Here’s why and how you can build authority on LinkedIn

By Jim James, Founder EASTWEST PR and Host of The UnNoticed Entrepreneur. 


Dina Calakovic is the Co-Founder of Authority Marketing and an expert on LinkedIn. She has over 30,000 followers and within a recent week, she was able to earn more than 100,000 engagements. She was featured in the latest episode of The UnNoticed Entrepreneur, where she talked about the difference between audience building and authority building on LinkedIn and how can entrepreneurs leverage the said platform.


Image from LinkedIn


Audience vs Authority Building

Many entrepreneurs today don’t know how to position themselves on LinkedIn. And what Dina and her team teach business owners is how to position themselves as an authority in their industry. Because when they do so, it will be easier for them to generate inbound leads, which is beneficial for any kind of business.

If you want to position yourself as an authority on LinkedIn, you need to create quality content. And this is where the difference between audience and authority building comes in.

Audience building is relatively easy because anyone can build an audience. For instance, if you’re someone who posts selfies or good jokes, your content will have lots of likes and engagements. You can build quite a huge following but it doesn’t mean that you will be able to build authority. Nobody will come to you and ask for your help.

In authority building, what you need to do is to be positioned as an expert in your audience’s mind. If you want to generate inbound leads and let your LinkedIn account serve your business, you have to accomplish that. You can do that by putting out quality content that can help solve your target audience’s problems.


What Gives Value to a Post?

When on LinkedIn, you won’t have any power if you’re solely focused on creating posts for a certain LinkedIn group. You need to create valuable main-feed posts. But how do you know if your post is valuable? It has to have actionable advice: When somebody reads your post, they must be able to apply your advice immediately.

Your content must not give a piece of advice that’s vague. For example, you may be talking about building a brand on LinkedIn. To avoid being vague, show your audience a process. Tell them about what they should and shouldn’t do. Your advice has to be specific and actionable.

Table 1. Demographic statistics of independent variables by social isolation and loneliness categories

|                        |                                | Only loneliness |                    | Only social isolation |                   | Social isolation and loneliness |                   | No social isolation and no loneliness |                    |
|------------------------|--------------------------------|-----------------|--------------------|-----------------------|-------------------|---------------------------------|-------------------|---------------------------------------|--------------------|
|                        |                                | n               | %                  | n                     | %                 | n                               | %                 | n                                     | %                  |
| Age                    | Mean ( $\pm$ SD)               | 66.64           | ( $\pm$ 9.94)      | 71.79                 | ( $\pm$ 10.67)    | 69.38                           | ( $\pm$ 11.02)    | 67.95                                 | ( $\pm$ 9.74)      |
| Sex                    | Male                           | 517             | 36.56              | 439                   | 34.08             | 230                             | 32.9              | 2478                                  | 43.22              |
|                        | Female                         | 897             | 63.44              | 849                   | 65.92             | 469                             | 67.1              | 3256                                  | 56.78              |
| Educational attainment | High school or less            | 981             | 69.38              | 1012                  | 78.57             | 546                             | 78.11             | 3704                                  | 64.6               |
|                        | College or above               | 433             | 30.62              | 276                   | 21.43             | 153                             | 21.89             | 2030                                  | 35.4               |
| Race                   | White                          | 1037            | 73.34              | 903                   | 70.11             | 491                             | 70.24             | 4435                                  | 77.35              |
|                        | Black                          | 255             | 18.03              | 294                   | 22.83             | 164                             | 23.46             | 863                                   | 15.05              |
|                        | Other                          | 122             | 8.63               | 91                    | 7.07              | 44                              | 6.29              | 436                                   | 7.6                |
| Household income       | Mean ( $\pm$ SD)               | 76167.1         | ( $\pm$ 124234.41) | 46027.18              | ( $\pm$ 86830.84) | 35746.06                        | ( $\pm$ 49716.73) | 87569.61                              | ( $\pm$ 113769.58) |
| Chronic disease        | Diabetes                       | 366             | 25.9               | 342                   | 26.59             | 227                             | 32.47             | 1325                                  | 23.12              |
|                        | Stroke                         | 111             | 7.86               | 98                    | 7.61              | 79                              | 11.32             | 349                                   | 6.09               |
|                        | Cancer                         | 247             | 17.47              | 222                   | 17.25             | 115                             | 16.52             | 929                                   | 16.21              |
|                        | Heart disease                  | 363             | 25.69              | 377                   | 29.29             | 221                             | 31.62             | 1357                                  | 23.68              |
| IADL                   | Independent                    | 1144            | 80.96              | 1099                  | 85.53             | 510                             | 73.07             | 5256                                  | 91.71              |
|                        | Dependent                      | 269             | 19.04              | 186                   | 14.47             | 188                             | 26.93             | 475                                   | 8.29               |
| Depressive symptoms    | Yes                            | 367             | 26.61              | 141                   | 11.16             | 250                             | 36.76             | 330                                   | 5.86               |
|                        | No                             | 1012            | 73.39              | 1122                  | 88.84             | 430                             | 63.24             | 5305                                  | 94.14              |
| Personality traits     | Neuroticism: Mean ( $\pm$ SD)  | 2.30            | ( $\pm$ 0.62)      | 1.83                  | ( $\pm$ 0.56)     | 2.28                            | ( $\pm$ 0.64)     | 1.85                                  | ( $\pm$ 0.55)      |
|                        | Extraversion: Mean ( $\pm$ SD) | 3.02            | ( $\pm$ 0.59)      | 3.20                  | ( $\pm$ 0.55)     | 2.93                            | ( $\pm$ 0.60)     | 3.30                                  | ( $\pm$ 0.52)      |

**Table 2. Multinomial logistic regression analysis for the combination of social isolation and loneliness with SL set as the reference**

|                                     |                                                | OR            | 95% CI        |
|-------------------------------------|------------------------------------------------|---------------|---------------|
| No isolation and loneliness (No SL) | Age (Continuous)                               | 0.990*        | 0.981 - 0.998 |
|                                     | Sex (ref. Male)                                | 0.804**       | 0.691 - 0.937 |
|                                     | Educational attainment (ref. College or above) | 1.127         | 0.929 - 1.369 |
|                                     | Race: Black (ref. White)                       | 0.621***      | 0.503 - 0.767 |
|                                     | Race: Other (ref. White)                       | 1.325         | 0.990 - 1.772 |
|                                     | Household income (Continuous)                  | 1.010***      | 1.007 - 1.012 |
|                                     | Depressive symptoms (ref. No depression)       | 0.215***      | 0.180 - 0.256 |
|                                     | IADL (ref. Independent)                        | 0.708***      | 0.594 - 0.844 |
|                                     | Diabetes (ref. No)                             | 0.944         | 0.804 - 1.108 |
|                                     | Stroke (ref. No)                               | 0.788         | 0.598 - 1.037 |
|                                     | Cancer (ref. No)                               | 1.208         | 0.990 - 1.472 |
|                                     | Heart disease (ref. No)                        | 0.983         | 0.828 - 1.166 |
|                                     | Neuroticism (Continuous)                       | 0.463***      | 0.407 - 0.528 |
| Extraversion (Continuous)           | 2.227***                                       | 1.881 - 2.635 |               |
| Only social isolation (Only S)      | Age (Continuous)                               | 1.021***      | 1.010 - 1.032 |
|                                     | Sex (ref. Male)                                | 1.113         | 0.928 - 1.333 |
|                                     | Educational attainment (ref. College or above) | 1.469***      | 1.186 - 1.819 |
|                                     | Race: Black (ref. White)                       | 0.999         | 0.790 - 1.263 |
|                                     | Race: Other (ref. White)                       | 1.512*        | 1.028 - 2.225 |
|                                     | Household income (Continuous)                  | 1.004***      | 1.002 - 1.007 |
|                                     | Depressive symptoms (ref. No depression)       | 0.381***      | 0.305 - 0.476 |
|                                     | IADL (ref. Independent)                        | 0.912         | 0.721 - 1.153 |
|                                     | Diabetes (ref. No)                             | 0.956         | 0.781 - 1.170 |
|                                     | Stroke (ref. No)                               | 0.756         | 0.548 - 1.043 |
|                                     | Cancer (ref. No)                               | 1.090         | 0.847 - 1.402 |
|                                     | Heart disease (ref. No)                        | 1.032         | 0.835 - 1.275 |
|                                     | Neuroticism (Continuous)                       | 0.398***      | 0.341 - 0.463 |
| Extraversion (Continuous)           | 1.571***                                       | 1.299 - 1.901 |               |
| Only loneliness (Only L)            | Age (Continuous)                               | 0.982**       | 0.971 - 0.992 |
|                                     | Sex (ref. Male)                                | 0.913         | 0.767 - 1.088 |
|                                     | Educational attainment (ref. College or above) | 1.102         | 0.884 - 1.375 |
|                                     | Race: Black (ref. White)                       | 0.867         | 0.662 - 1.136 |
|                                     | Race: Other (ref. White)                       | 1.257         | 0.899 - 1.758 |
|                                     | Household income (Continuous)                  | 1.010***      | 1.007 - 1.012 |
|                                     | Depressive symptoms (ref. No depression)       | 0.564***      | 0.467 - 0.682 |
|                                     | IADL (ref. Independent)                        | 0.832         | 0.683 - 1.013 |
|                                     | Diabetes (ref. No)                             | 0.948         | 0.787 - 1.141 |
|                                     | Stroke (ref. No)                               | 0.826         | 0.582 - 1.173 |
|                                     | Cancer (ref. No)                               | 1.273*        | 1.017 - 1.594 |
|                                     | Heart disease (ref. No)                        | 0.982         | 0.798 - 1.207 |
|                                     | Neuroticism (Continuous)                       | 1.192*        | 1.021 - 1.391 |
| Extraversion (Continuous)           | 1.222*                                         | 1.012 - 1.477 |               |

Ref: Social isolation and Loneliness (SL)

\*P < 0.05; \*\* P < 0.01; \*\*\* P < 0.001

Each time you write a post, go back and think: If somebody reads that, can they apply my advice right after? If your answer is yes, then you’re good to go. If not, then you need to rewrite it.


Image from Unsplash


A good post usually consists of three main parts: the hook, the body, and the summary.

The hook is the first two or three sentences before the rest of your post. Its job is to hook the reader and entice them to click on that “See more” link and keep on reading.

If you’re on your LinkedIn app, you will see thousands of posts on your newsfeed. And your tendency is to simply scroll down. Your hook needs to be able to interest the reader enough for them to stop scrolling and continue reading your post. A good hook can already accomplish 70% of your job.

Recently, Dina had a post where the hook teased about how “good marketing has very little to do with algorithms, tools, and tricks.” This is an example of a hook that breaks a common belief. When you end that hook with something like, “And a whole lot to do with…,” then your readers will be enticed to click on the “See more” link because they want to know the answer.


Screengrab from LinkedIn


As a help, she made a product featuring different hooks that you can copy-paste and apply to your industry. The goal is to make the whole hook creation — which is the first and most important part of creating a post — easier for you.

After you manage to hook the reader, you need to prove and deliver your promise. If you wanted to give good advice on how to create a good engaging post on LinkedIn, your content needs to contain that advice. Otherwise, your content will just be empty and be considered clickbait. The next time your reader encounters a post from you in their feed, they won’t open it anymore.

The goal of your post’s body is to deliver that promise and provide your audience with actionable advice.

The last part of your post should be a short punchline that summarises everything you’ve previously said. It can also contain some call to action.


On the PAC Framework and Algorithms

Every business needs to have the PAC framework, which stands for:

  • Positioning. This refers to your brand strategy; how you position yourself in your ideal customers’ minds.